The mouth waters recalling the lechon asado — pork slow-roasted after sitting in a mojo marinade (fresh orange juice, garlic, oregano and onion are key ingredients) — with a cabbage, carrot, cucumber and tomato salad. Delivered within minutes of ordering through the take-out window at East Liberty's Conflict Kitchen, the Cuban-influenced lunch plate costs just $5.
But you'll want to hurry. The restaurant, which serves a rotating menu of dishes from countries the U.S. is in conflict with, is open only through Sun., Aug. 5. After two years on Highland Avenue, the kitchen is closing its doors until it can find a new spot Downtown.
Co-director Jon Rubin says the move was sparked by a $25,000 expansion grant awarded earlier this year by the Sprout Fund.
A project of the Frank-Ratchye Studio for Creative Inquiry at Carnegie Mellon University, Conflict Kitchen's mission is to encourage conversations about the featured countries. Previous menus have focused on food from Iran, Afghanistan and Venezuela. Each take-out box or wrapper contains snippets of wisdom garnered from interviews from natives of each country.
"Food is a great way of introducing people to a culture," Rubin explains. "Food gets right to your gut, to your senses; it bypasses any prejudices and thoughts you have."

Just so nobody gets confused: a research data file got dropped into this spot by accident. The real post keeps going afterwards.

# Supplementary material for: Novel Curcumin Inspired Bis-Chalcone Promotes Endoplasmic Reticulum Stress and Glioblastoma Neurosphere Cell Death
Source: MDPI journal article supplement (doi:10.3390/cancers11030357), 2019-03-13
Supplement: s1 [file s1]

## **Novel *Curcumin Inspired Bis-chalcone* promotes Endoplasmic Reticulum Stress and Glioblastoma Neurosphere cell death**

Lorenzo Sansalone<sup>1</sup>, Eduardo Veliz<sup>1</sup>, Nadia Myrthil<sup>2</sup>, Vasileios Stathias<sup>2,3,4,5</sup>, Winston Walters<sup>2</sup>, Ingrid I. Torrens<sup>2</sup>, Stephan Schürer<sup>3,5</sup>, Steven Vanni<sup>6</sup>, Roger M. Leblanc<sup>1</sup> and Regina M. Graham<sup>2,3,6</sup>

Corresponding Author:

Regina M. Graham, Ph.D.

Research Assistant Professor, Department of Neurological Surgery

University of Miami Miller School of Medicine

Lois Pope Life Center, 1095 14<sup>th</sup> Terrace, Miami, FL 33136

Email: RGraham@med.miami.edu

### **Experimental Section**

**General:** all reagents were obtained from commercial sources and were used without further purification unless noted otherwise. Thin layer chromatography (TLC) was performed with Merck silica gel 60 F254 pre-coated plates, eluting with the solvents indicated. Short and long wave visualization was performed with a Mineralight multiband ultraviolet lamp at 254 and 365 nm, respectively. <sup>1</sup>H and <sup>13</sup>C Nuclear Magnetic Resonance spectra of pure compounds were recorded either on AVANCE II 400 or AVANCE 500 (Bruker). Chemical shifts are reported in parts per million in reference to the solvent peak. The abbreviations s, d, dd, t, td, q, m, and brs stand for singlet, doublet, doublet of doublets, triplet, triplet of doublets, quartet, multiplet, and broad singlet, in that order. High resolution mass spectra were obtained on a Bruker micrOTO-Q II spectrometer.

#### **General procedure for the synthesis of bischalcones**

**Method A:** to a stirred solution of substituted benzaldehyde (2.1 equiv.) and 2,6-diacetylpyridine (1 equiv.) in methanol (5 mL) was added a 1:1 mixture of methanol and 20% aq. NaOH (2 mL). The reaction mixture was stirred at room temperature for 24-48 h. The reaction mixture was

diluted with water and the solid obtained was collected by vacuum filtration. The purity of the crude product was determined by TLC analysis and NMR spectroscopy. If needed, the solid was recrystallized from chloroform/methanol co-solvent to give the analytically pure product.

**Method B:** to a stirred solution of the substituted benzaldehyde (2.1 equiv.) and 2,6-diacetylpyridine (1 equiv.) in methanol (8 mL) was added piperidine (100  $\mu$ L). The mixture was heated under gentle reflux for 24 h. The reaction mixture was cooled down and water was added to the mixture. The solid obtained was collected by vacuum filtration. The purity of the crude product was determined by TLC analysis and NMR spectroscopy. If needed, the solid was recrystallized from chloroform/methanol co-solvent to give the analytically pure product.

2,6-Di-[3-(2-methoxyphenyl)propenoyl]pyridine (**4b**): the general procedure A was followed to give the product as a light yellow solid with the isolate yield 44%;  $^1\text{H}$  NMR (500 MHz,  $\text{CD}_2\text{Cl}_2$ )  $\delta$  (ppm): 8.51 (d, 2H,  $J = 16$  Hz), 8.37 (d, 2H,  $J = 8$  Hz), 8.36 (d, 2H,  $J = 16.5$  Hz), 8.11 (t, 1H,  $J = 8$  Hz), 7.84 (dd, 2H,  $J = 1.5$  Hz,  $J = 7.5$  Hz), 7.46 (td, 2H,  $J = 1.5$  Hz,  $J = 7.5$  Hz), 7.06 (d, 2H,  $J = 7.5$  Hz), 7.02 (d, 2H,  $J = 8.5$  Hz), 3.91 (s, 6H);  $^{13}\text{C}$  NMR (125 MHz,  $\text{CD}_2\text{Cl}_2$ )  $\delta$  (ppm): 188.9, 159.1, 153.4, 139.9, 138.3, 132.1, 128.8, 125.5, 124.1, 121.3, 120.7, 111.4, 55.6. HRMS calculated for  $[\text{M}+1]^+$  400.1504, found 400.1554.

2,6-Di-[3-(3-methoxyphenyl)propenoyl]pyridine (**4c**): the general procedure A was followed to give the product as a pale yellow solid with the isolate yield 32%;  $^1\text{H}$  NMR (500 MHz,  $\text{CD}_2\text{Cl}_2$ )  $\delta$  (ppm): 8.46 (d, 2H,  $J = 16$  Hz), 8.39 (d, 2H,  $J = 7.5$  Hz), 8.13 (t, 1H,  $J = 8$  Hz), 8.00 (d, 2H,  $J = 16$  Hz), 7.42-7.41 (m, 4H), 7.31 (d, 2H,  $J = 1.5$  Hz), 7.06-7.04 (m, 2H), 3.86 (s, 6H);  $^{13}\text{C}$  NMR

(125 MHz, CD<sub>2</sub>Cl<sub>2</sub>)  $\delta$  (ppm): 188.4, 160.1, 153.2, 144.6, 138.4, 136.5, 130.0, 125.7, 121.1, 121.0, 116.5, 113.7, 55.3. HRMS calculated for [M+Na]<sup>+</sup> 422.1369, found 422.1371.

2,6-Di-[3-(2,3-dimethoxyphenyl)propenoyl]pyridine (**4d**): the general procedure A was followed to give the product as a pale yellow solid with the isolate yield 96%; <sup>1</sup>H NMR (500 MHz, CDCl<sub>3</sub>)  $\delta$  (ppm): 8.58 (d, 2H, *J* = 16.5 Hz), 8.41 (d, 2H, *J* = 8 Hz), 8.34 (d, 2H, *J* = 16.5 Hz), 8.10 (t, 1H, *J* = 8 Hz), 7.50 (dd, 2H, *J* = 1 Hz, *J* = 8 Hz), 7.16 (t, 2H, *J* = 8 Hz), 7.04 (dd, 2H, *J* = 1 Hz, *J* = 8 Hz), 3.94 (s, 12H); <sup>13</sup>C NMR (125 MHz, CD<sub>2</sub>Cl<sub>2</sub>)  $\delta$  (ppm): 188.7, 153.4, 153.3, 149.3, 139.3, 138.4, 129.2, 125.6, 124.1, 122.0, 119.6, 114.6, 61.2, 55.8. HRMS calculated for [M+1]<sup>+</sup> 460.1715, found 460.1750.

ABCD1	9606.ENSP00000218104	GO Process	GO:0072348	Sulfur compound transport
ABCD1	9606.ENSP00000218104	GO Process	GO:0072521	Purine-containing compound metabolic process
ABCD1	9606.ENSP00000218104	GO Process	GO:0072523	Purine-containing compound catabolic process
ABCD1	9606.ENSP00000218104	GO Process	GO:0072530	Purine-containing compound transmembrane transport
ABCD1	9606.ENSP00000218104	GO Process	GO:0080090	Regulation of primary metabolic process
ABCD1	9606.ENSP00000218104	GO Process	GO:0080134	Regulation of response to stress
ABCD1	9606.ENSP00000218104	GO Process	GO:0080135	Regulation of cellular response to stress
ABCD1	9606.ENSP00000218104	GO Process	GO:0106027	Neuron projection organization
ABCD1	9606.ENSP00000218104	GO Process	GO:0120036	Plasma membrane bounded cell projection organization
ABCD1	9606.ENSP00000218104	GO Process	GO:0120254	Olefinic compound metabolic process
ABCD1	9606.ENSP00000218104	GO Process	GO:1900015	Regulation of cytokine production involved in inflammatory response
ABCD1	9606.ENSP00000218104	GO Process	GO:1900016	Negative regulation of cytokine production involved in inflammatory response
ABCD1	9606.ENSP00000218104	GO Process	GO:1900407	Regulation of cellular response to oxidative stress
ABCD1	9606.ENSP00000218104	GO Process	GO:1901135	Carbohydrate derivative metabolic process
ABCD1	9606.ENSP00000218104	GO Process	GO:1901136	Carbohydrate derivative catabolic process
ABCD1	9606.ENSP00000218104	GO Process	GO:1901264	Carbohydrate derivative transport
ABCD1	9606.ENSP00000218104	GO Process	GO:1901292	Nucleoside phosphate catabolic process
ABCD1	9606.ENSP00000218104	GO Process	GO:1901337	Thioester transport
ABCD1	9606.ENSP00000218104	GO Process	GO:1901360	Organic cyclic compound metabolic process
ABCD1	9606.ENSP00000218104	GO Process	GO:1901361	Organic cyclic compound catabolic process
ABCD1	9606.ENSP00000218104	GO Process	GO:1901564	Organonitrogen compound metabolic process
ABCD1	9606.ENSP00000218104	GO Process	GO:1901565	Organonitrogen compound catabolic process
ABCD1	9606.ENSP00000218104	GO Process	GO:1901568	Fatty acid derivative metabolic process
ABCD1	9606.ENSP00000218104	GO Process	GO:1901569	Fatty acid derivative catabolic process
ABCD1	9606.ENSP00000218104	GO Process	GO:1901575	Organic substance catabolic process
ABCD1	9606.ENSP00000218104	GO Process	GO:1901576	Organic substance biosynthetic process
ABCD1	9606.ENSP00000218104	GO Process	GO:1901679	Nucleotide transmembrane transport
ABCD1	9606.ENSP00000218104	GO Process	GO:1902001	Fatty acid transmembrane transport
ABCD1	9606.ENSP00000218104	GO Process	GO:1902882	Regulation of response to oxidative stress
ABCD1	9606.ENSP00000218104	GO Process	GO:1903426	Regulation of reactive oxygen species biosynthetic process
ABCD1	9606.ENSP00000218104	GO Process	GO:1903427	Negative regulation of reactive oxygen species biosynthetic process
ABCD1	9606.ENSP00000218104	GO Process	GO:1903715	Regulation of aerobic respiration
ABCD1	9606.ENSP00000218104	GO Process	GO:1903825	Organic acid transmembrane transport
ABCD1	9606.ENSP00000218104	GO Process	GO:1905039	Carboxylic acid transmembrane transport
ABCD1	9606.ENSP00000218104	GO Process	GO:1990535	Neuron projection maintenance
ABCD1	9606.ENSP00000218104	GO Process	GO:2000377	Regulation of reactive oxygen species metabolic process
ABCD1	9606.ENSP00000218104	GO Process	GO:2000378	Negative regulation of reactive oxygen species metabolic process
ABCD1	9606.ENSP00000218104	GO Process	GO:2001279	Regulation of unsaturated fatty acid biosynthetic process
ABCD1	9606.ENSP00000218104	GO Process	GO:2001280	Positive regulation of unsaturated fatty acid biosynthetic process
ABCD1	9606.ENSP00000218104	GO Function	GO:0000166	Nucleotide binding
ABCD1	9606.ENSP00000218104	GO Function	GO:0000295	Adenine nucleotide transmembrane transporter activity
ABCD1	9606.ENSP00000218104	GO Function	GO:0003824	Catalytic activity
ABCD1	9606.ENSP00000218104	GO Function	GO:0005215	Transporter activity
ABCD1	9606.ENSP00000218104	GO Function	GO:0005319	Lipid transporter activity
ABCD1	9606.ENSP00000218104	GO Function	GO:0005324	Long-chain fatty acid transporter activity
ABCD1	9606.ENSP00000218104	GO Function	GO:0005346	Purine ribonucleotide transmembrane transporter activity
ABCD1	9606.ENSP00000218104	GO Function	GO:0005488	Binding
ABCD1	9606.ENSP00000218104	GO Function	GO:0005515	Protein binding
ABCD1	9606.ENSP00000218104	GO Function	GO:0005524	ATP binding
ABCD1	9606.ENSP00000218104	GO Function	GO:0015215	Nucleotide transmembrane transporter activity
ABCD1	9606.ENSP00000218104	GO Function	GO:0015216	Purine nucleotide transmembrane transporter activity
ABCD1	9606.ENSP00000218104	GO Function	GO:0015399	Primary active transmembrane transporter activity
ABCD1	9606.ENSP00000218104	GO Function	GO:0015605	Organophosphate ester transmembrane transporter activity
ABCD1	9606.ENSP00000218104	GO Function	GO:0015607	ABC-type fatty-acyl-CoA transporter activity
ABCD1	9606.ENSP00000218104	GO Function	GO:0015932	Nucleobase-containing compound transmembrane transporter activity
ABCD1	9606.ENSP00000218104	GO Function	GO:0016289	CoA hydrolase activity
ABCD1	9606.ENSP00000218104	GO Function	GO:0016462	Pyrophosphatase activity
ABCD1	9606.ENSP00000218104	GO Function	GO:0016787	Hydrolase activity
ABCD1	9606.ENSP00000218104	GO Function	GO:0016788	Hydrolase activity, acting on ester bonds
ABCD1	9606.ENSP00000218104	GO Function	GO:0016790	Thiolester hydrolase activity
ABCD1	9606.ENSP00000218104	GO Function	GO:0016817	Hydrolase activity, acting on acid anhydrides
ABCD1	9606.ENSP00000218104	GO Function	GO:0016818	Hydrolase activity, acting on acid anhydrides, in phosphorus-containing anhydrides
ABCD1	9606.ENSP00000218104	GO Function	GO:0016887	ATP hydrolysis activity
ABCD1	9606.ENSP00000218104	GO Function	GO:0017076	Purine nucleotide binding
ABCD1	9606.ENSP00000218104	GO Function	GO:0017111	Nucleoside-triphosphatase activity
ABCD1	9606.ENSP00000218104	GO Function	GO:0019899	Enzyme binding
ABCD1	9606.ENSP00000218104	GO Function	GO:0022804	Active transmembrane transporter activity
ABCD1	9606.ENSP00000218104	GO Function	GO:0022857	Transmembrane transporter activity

The new location and the timeline for the move are still to be determined. Rubin says he hopes to at least double the traffic the kitchen now sees on Highland, which ranges from 230 to more than 500 people weekly.
"I think there is a lot of territory to explore," he says. Unlike the adjacent Waffle Shop, another of his business-slash-art projects that closed Saturday after four years, Rubin says the Conflict Kitchen concept hasn't been played out yet.
"With the Waffle Shop, I felt it was repeating itself and was not quite as unexpected, " he says. "You want to keep people off-balance when you create a work."
The Conflict Kitchen "has a lot of opportunities to create a more interesting platform for discourse," he says.